Bails of plastic beverage containers overflow into the Drina River. The emerald waters now buoy a raft of plastic rubbish. The Drina River – which has an intense green hue due to the limestone terrain is a marvel for children and river rafters. The garbage from poorly regulated landfills pours a carpet of plastic and polystyrene pollution across the width of the winding watercourse. It took humans about 200 years to build the present global economy. We now have less than 30 years to build a future, unlike the present.

The Drina River in Eastern Bosnia-Herzegovina is crammed with around 10,000 cubic meters of rubbish after recent atmospheric rivers flooded communities. Rusty barrels and refrigerators gathered by the river and its tributaries are now trapped by a fence raised by the Bosnia hydroelectric plant, a few kilometres upstream from the dam. Unseasonable weather caused rivers in Serbia, Montenegro, and Bosnia and their tributaries to flood the surrounding regions. The floods have forced scores of people out of their houses. And out of the blue, temperatures dropped turning the rain into snow.

In 2022, minuscule pellets of plastic began washing up on beaches in France and Spain. The sphere-shaped beads that are less than 1.5mm in diameter, known as “Mermaid’s Tears”, are actually industrial plastic granules (IPG) used to make everyday plastic objects. The size of the pellets makes it incredibly difficult to clean up. Waves of these plastic pellets have polluted the sands of Brittany’s beaches. In Finistère they washed up in December. Later they appeared in Sables d’Olonne and then in picturesque Pornic.

Winter winds and ocean streams transport the “Mermaid’s Tears” and more and more plastic pellets are washed ashore. France’s Ecological Transition Minister Christophe Béchu announced that France intends to take legal action over this “environmental nightmare”. Environmental Forensic Testing has started at accredited laboratories that can fingerprint the waste and establish the providence of the pollution and the identity of the polluter.

Environmental forensic scientists use chemical data with available documentary records including industrial operational information, the chain of custody of waste from factories, aerial photographs, and insurance maps to reconstruct the circumstances that led to the contamination. By combining chemistry and operational history, environmental forensic scientists reconstruct what led to the catastrophe, when and how the contamination occurred, and the spatial extent of the pollution.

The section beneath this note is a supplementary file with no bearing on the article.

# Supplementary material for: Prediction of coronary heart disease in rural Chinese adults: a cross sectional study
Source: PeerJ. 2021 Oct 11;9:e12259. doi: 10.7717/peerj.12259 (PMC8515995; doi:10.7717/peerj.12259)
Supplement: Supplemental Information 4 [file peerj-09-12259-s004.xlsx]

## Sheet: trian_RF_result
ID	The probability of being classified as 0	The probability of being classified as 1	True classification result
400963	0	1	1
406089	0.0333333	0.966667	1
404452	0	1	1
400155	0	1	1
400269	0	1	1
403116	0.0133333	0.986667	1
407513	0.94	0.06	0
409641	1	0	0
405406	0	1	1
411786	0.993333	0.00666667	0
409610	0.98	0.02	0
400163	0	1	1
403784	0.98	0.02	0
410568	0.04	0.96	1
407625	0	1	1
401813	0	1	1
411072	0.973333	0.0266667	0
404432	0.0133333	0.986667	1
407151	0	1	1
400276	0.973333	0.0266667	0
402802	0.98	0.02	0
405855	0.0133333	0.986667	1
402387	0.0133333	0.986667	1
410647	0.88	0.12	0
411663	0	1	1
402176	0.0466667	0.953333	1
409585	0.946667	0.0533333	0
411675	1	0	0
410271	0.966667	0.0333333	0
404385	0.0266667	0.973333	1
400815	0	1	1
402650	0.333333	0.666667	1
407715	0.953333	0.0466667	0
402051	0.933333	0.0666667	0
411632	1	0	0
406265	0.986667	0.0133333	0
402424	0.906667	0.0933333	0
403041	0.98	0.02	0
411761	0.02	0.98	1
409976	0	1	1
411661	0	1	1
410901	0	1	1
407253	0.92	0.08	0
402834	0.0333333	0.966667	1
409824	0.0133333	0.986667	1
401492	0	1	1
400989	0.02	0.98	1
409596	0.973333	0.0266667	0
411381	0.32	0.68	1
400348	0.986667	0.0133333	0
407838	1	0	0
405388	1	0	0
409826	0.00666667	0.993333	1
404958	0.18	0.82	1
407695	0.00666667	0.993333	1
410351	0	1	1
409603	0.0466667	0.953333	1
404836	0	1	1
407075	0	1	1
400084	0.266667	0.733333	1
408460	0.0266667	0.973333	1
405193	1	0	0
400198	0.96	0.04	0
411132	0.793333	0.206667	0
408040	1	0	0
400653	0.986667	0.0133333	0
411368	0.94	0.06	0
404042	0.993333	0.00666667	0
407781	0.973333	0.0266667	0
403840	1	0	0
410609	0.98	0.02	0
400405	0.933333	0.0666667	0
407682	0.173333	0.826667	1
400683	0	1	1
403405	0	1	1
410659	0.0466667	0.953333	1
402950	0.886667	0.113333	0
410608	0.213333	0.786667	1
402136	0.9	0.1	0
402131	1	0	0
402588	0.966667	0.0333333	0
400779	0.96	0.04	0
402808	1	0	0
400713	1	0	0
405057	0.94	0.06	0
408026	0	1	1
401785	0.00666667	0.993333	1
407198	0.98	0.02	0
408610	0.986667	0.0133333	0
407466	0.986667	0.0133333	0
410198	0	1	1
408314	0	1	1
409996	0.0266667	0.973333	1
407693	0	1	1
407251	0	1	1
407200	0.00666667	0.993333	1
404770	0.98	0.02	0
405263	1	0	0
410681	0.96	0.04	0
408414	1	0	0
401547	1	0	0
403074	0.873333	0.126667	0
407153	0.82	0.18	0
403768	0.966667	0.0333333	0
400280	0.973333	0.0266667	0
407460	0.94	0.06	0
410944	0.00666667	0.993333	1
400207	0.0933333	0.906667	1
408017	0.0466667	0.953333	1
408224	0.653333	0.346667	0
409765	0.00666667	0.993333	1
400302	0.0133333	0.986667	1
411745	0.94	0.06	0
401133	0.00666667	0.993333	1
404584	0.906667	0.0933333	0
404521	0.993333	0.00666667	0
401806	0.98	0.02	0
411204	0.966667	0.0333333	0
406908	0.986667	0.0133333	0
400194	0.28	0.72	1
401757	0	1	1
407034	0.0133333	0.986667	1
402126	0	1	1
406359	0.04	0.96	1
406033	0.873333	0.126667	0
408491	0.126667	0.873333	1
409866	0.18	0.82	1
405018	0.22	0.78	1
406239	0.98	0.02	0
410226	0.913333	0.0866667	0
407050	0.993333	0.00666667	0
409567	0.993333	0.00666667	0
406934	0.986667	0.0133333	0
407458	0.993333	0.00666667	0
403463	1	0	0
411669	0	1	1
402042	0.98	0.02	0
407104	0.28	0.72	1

Chemical fingerprinting allows environmental management experts to investigate a site and track pollution sources to determine liability for the response costs of addressing the contamination. Campaigners are increasingly taking legal action in the fight against climate change. Climate change litigation has doubled globally. Greenwashing – a practise of touting operations as more environmentally sustainable than they really are has taken the spotlight in courts.

Scotland introduced a ban on businesses using an extended range of Single-use plastic goods since June 2022. In Wales, legislation for a comparable ban were approved in December 2022. They come into force later in 2023. This offers merchants a window of opportunity to make the necessary procurement adjustments and to find new suppliers. Single-use plastic straws, plastic stirrers for coffee and cocktails, and plastic-stemmed cotton buds were banned in England since 2020.

Data from The Department for Environment, Food, and Rural Affairs – a department of His Majesty’s Government responsible for environmental protection, food production and standards, agriculture, fisheries, and rural communities in the United Kingdom (Defra) – shows that on average, each person in England uses about eighteen Single-use plastic plates and thirty-seven items of plastic cutlery annually. The UK government has published plans to ban commonly littered Single-use plastic items, supporting their 25-year Environment Plan, and the steps needed to eliminate avoidable plastic waste by 2042.

From October 2023, the ban will include Single-use plastic plates, bowls, cutlery, platters, and certain types of polystyrene cups and food containers. Campaigners have asked Thérèse Coffey, Secretary of State for Environment, Food and Rural Affairs, to consider bio-based, biodegradable, and compostable plastic as well. The EU has banned Single-use plastic items since July 2021, and its guidance states that “biodegradable/bio-based plastics are considered to be plastic”.

Wales and Scotland have both legislated separately to prohibit various Single-use plastics. The ban includes even those described as biodegradable. To be able to deliver on its ambitious 25-year environment commitments, the UK government is determined to reduce, reuse and recycle more in order to transform its waste industry. It is hoped that the ban will extend to plastic plates, platters, and bowls that are used as packaging, in shelf-ready pre-packaged food items, and those found in eat-in and take-out settings.

It is estimated that in England 2.7 billion items of single-use cutlery — most of which are plastic — and 721 million single-use plates are used annually. However, only ten per cent of these items are recycled. It is contended that if 2.7 billion pieces of cutlery each 15cm long were lined up — they would go around the world more than eight and a half times. From October 2023, people in the UK will not be able to buy these products from any business including retailers, takeaways, food vendors, and the purveyors of Single-use plastics operating in the UK hospitality industry.